A Guide to Electrical Design for Commercial Buildings

From multi-storey office blocks to converted old properties, each and every commercial building has its own special construction requirements. As a working space, they need careful consideration – especially when it comes to the electrics. So what electrics does a commercial building actually need? And where should you even begin with your electrical design?

To start, you need to determine whether your building is defined as ‘commercial’ in the first place. If 50% or more of its floor space is used for commercial purposes – whether retail, manufacturing or a head office for example – it will fall into the commercial category. This is then split into further sub-categories – such as A1 for shops, or B1 for business.

The electrical design of your commercial building will, in part, be dictated by its intended use. A hospital, for example, will have a very different requirement to a private office or shopping centre. But there are some uniting factors for all commercial properties falling into five categories; safety, voltage, security, logistics and ambience.

1. Safety

Whether your building is used by staff, clients, or members of the public, you have a responsibility to uphold health and safety requirements. Electrics do carry a great deal of risk, which is why it’s important to get your electrical design spot-on in the first place. That means:

  • Providing sufficient levels of lighting for safe working: low lighting may cause eye problems
  • Lighting particularly dark areas and stairwells, to mitigate the risk of falls and injury
  • Ensuring a backup emergency lighting system is in place, in case of a mains outage
  • Maintaining basic electrical safety, including plug sockets and cabling
  • Safety systems in case of a fire; including smoke and fire alarms, as well as a sprinkler system
  • PAT-tested appliances – including toasters, kettles and refrigerators as well as office equipment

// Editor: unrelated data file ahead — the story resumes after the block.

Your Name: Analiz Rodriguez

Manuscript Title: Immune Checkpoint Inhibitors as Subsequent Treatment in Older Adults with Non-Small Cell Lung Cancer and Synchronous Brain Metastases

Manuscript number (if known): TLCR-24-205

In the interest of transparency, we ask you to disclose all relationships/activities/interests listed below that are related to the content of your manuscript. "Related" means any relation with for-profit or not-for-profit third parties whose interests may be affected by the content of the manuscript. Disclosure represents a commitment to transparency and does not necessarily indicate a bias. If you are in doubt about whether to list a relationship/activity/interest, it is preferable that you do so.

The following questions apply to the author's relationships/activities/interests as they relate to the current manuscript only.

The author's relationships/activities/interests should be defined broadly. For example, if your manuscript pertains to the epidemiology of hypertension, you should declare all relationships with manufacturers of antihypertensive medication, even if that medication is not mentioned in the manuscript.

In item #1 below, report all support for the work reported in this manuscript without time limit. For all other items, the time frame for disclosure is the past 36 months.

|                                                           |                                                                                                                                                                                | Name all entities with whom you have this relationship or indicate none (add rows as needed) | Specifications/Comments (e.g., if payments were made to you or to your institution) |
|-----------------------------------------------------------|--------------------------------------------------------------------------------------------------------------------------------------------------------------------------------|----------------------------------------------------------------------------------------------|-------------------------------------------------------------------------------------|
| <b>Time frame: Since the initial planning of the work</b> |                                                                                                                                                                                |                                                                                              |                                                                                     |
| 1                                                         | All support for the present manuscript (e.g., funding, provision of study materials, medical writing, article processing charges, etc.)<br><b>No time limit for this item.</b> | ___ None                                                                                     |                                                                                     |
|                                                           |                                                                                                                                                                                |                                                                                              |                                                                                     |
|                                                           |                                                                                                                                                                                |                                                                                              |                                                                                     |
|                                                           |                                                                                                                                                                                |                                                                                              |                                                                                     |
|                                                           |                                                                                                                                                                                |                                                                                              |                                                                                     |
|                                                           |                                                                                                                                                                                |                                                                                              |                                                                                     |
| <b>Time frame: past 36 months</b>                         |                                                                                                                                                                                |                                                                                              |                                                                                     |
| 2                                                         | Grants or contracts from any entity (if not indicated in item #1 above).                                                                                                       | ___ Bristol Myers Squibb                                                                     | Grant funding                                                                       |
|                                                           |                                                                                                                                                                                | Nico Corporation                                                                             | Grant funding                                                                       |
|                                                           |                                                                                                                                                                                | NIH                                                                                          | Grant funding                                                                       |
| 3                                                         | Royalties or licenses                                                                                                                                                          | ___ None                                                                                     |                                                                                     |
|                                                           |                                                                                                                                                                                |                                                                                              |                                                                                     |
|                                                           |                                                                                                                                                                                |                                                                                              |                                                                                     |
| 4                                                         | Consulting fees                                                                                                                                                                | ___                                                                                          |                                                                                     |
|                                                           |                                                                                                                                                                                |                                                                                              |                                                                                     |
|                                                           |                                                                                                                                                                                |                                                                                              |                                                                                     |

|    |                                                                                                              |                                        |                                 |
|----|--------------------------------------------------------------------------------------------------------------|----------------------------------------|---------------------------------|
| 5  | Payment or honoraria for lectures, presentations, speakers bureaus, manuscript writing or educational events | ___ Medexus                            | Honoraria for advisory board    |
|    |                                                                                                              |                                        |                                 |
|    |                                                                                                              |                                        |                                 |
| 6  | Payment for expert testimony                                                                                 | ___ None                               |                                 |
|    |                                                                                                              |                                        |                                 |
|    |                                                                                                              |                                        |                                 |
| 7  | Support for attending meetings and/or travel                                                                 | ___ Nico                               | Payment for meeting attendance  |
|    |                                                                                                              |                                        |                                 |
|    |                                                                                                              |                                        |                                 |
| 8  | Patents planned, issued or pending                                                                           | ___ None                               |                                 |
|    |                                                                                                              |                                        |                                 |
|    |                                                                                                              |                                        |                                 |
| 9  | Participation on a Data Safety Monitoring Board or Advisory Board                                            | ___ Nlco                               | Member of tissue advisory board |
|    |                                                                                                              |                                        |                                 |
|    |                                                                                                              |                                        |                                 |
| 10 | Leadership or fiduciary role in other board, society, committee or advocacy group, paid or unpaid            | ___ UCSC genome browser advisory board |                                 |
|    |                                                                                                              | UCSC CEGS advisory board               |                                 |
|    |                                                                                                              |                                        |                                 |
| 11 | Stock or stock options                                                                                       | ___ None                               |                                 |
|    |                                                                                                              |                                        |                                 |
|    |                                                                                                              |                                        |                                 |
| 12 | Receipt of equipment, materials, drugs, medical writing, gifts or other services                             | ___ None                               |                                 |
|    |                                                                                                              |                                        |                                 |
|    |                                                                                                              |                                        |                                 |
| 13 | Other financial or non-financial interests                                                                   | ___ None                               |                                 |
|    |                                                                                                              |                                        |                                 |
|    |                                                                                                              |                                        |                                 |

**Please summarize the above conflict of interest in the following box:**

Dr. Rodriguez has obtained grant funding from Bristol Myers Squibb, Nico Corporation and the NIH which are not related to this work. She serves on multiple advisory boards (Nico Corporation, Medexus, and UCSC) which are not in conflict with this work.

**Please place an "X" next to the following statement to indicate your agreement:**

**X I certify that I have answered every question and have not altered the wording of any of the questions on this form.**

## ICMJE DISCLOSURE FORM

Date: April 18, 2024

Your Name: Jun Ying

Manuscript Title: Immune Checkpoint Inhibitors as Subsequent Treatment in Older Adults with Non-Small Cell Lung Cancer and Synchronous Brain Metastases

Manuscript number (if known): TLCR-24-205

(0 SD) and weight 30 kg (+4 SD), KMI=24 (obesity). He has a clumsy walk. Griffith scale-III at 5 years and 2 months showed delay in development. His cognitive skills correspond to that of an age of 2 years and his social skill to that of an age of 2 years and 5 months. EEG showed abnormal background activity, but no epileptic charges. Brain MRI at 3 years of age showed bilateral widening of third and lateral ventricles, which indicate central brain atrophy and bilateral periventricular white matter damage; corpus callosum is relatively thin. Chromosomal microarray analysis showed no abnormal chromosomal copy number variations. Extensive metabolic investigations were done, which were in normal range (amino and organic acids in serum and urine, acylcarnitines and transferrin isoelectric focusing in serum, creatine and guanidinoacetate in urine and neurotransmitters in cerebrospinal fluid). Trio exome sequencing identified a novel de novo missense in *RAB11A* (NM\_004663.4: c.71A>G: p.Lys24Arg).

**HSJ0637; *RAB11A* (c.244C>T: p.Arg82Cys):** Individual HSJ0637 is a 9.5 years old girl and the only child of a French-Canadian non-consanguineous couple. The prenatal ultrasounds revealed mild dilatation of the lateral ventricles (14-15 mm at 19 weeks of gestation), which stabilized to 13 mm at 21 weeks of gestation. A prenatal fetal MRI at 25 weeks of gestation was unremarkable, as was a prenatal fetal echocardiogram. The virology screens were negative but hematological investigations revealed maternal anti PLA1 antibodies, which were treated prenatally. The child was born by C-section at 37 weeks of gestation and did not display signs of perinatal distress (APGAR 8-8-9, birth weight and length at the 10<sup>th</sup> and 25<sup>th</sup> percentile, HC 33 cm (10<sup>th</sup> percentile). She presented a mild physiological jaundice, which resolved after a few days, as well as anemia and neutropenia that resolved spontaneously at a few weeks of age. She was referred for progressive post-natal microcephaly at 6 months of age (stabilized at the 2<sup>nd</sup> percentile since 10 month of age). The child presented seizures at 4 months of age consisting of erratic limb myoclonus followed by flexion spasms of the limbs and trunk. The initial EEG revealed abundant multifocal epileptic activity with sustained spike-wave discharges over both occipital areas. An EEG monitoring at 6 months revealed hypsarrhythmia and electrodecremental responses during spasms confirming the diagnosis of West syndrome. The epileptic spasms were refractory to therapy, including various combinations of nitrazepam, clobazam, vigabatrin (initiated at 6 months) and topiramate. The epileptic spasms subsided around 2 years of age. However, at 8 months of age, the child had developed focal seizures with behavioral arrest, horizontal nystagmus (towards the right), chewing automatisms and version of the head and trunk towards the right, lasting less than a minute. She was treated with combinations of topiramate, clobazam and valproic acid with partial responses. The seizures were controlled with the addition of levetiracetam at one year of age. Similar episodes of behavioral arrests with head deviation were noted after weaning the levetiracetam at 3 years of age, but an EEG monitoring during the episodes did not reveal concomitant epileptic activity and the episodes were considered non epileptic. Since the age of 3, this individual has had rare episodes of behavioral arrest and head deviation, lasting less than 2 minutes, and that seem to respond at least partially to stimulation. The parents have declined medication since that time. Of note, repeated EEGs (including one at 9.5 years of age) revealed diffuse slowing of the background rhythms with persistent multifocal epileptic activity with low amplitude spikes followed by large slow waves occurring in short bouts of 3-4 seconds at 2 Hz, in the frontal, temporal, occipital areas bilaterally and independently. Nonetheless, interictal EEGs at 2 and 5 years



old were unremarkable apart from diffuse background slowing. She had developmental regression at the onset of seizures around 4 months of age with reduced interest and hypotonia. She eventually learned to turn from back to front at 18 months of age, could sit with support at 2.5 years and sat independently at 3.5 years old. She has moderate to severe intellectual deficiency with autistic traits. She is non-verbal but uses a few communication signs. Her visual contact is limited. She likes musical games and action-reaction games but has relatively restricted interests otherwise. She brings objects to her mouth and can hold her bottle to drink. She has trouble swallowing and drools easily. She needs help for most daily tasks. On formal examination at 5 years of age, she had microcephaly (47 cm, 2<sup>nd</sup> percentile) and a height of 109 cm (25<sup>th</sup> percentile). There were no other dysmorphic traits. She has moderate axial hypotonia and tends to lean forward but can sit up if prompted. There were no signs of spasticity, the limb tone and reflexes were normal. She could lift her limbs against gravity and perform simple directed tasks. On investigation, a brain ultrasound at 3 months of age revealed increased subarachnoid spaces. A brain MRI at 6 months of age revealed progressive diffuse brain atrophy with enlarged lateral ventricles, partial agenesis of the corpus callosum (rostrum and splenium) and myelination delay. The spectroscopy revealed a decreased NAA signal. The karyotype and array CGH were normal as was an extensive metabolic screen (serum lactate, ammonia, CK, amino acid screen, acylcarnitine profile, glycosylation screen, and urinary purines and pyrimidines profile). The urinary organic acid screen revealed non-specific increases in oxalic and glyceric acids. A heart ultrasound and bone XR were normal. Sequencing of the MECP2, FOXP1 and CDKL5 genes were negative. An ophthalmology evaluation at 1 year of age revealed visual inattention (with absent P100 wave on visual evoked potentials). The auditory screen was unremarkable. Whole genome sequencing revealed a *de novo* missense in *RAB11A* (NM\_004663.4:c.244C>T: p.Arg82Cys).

• Lightning protection

2. Voltage

This next point goes hand-in-hand with safety. You need to understand the voltage class and the requirements of your building, because different sizes and types will require varying treatment. A simple residential building will usually be supplied by a low voltage of under 1000 Volts, directly from the National Grid. But a bigger commercial building with higher electrical needs may require a medium voltage class of up to 20,000 Volts (20KV), which may be supplied by a substation.

3. Security

Once the safety aspect is covered, it’s time to turn to security. A commercial building must be secure, or risk serious repercussions: especially if a business has high-value products, expensive equipment or sensitive, confidential information on site. Security systems include CCTV, burglar alarms and an electronic access system. With these in place, the risk of break-ins or internal security breaches will be diminished.

4. Logistics

Logistics is the next concern. Your electrical design should ensure the property is actually usable. How will staff or customers reach the top floor? How will they communicate with each other? To answer these questions, you will need to incorporate:

  • An efficient communications system, including external and internal telephone systems, teleconferencing facilities, broadband and WiFi
  • Audiovisual systems
  • A means for getting from A to B; whether that’s lifts, escalators, or even dumbwaiters for food

5. Ambiance

The next consideration for your electrical design is ambience. Heating, air conditioning and ventilation fall into the must-have category. But once the ‘essential’ boxes are ticked, you can turn to the decorative touches to achieve maximum enjoyment and comfort. Elegant lamps; wall-mounted HD televisions; exquisite coffee at the touch of a button. These are the final touches that will turn your commercial property into a first-rate business facility to be enjoyed by all.

Remember: don’t neglect the specifics

There is no boiler-plate guide to electrical design for commercial buildings. Before you conclude your electrical planning, make sure you investigate the specifics of your property and its intended usage. There may be rules and regulations to bear in mind, and it is best to be made aware of these as soon as possible, so you can build in sufficient time and budget.

To ensure you are on the right tracks, the best course of action is to consult an experienced and qualified commercial electrician. They will be in a position to confirm your electrical design needs, and provide advice and resource to get the job done. Without this insight, you may fall short of your electrical requirements: with the potential for problems further down the line.

Call in the Experts

If you are concerned about the electrics in your commercial building or would like some advice, we can help at Spark Squad. Our UK team of electricians is fully-qualified, NICEIC, NAPIT and City & Guilds approved – ensuring they are able to deliver our high standards and unrivalled level of customer service. For more information, take a look at our professional commercial electrical services or call on 01395-350-125 today.